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The Government is to face fresh questions about the foot and mouth inquiry tomorrow when MPs begin their own investigation into the value of official reports on departmental failures.

Sir Brian Bender, the top civil servant at the Department of the Environment, Food and Rural Affairs, will face tough questioning about the inquiry into the 2001 epidemic, when he appears before the Commons public administration committee.

The "lessons learned" inquiry, set up by the Government and chaired by Dr Iain Anderson, was widely criticised in rural communities for taking all its key evidence in secret and for failing to get to the bottom of who took vital decisions, such as ordering the contiguous cull.

Ian Liddell-Grainger, a member of the cross-party committee of MPs examining "the issues surrounding investigatory inquiries into public service failures", said that Sir Brian would be asked to explain the format of the inquiry.

Mr Liddell-Grainger, Tory MP for Bridgwater, said: "The inquiry was broken up into three parts, none of which dovetailed, leaving the possibility that many important questions would fall between the gaps. It appears to have been designed to get the Government off the hook. Most importantly it has not convincingly demonstrated that the Government has learned from its many mistakes. We are as open to another outbreak of foot and mouth as we were."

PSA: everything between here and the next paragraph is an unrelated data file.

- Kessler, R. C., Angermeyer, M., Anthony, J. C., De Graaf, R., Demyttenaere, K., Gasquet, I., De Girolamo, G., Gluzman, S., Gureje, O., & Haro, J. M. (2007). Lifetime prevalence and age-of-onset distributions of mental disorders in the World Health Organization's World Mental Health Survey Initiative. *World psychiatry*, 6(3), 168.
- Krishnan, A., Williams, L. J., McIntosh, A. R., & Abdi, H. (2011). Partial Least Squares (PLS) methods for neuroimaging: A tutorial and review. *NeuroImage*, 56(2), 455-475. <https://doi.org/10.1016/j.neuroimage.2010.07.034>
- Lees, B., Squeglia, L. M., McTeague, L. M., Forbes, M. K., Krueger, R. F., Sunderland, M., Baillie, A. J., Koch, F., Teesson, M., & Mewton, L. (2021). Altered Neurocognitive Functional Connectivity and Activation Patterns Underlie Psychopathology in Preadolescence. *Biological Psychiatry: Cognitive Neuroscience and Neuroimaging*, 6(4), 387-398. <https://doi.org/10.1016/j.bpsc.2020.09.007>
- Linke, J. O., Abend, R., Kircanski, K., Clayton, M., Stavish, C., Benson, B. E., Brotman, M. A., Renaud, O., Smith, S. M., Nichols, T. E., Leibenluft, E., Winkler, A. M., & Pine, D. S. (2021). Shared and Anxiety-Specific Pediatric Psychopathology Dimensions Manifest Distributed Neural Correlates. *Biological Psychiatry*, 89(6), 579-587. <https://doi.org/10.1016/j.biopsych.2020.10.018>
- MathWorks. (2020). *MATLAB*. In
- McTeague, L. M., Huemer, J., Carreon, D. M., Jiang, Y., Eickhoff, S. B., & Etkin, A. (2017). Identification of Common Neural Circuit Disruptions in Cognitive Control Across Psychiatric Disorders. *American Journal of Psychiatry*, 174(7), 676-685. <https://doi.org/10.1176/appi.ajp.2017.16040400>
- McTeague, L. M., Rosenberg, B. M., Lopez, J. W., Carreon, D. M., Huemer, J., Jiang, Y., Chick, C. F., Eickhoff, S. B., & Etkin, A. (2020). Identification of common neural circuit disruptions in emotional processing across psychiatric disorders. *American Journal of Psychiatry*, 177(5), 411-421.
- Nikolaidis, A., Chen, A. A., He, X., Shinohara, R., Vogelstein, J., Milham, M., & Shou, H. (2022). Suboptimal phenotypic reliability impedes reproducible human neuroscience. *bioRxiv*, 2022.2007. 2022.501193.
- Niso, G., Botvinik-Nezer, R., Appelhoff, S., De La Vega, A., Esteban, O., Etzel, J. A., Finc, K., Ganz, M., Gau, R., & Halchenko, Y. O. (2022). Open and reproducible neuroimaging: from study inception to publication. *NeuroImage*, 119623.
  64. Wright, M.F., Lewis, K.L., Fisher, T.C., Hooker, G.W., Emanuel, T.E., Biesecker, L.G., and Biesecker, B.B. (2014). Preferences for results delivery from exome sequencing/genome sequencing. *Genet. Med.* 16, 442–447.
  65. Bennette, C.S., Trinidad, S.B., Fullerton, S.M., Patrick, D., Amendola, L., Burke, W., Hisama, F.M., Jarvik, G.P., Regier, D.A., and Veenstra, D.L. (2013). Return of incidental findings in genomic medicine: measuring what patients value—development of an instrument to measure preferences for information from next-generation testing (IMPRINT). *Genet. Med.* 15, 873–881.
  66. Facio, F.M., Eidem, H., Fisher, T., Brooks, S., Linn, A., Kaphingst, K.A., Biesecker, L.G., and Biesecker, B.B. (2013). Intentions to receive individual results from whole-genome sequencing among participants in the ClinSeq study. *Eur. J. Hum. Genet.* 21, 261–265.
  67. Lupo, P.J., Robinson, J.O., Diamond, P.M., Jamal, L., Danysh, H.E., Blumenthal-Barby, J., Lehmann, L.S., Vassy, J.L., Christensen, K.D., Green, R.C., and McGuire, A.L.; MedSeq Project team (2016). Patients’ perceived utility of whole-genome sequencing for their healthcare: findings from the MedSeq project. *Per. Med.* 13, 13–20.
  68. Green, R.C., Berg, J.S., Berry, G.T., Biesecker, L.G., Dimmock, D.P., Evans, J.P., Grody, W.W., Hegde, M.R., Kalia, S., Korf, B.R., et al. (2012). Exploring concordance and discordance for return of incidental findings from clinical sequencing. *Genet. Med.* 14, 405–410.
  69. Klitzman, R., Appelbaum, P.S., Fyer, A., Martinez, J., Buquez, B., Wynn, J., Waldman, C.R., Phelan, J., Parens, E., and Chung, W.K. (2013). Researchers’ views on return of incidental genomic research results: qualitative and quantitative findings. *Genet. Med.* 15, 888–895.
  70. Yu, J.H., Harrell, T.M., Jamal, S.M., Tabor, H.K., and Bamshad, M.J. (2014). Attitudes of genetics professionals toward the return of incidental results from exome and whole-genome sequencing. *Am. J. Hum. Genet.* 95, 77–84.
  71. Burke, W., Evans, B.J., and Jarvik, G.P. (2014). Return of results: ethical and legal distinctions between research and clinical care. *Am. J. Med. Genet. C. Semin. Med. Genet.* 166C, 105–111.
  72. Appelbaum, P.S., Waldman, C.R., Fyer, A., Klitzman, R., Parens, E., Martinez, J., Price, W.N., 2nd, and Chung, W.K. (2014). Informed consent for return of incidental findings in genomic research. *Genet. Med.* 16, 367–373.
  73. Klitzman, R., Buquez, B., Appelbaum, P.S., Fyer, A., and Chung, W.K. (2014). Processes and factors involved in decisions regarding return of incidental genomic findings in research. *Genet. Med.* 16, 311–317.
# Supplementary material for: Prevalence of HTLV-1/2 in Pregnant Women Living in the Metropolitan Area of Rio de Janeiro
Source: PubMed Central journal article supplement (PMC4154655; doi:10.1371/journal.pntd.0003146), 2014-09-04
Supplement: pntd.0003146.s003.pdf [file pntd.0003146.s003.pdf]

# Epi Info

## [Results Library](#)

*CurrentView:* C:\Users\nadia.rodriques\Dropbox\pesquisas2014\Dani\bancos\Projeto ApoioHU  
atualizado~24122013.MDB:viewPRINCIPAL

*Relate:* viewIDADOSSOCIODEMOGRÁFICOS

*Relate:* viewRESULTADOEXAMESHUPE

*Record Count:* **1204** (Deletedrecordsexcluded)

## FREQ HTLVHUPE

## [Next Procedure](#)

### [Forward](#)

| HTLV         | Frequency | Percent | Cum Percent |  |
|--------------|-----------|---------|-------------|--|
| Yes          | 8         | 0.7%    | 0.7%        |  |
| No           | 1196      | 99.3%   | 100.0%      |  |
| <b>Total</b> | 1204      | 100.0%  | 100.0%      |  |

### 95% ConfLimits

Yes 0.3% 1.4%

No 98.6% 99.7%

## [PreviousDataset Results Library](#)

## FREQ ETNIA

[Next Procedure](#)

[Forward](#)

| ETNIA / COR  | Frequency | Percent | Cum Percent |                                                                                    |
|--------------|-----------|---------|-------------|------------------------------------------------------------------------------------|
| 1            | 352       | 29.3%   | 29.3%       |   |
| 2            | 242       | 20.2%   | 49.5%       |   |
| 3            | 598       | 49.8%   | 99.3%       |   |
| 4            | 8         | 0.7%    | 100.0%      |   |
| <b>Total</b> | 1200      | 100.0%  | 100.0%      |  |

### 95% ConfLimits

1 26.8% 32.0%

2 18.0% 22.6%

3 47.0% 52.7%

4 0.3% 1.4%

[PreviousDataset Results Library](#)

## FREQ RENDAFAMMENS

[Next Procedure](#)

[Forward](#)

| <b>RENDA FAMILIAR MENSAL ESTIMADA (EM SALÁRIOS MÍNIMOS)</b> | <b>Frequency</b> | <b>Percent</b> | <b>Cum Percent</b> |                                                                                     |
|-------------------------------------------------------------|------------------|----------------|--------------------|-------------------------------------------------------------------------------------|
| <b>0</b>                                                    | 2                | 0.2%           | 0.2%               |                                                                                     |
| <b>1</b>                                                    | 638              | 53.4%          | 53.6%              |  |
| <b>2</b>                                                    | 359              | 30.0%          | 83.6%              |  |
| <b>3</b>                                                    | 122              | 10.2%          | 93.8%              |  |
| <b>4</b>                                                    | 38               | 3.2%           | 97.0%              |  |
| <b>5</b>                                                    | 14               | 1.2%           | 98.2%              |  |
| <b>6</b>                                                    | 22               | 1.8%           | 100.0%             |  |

Suspicion about the Anderson inquiry intensified earlier this year when the WMN revealed that the Government had withheld a report by one of its own vets, Jim Dring, which said the crisis "would never have come about" if his inspection of a Northumberland pig farm in the weeks before the outbreak had been "more rigorous".

Last month the WMN revealed that a video showing "shocking" conditions on Waugh's farm just four weeks after Mr Dring renewed its licence to feed swill had also been withheld. But ministers refused to reopen the Anderson inquiry, arguing that the video contained "nothing new".

Last week the Shadow Animal Health Minister Owen Paterson said he had "absolutely no doubt that there was a cover-up".

Tomorrow's hearing is part of a wider investigation into the value of official inquiries.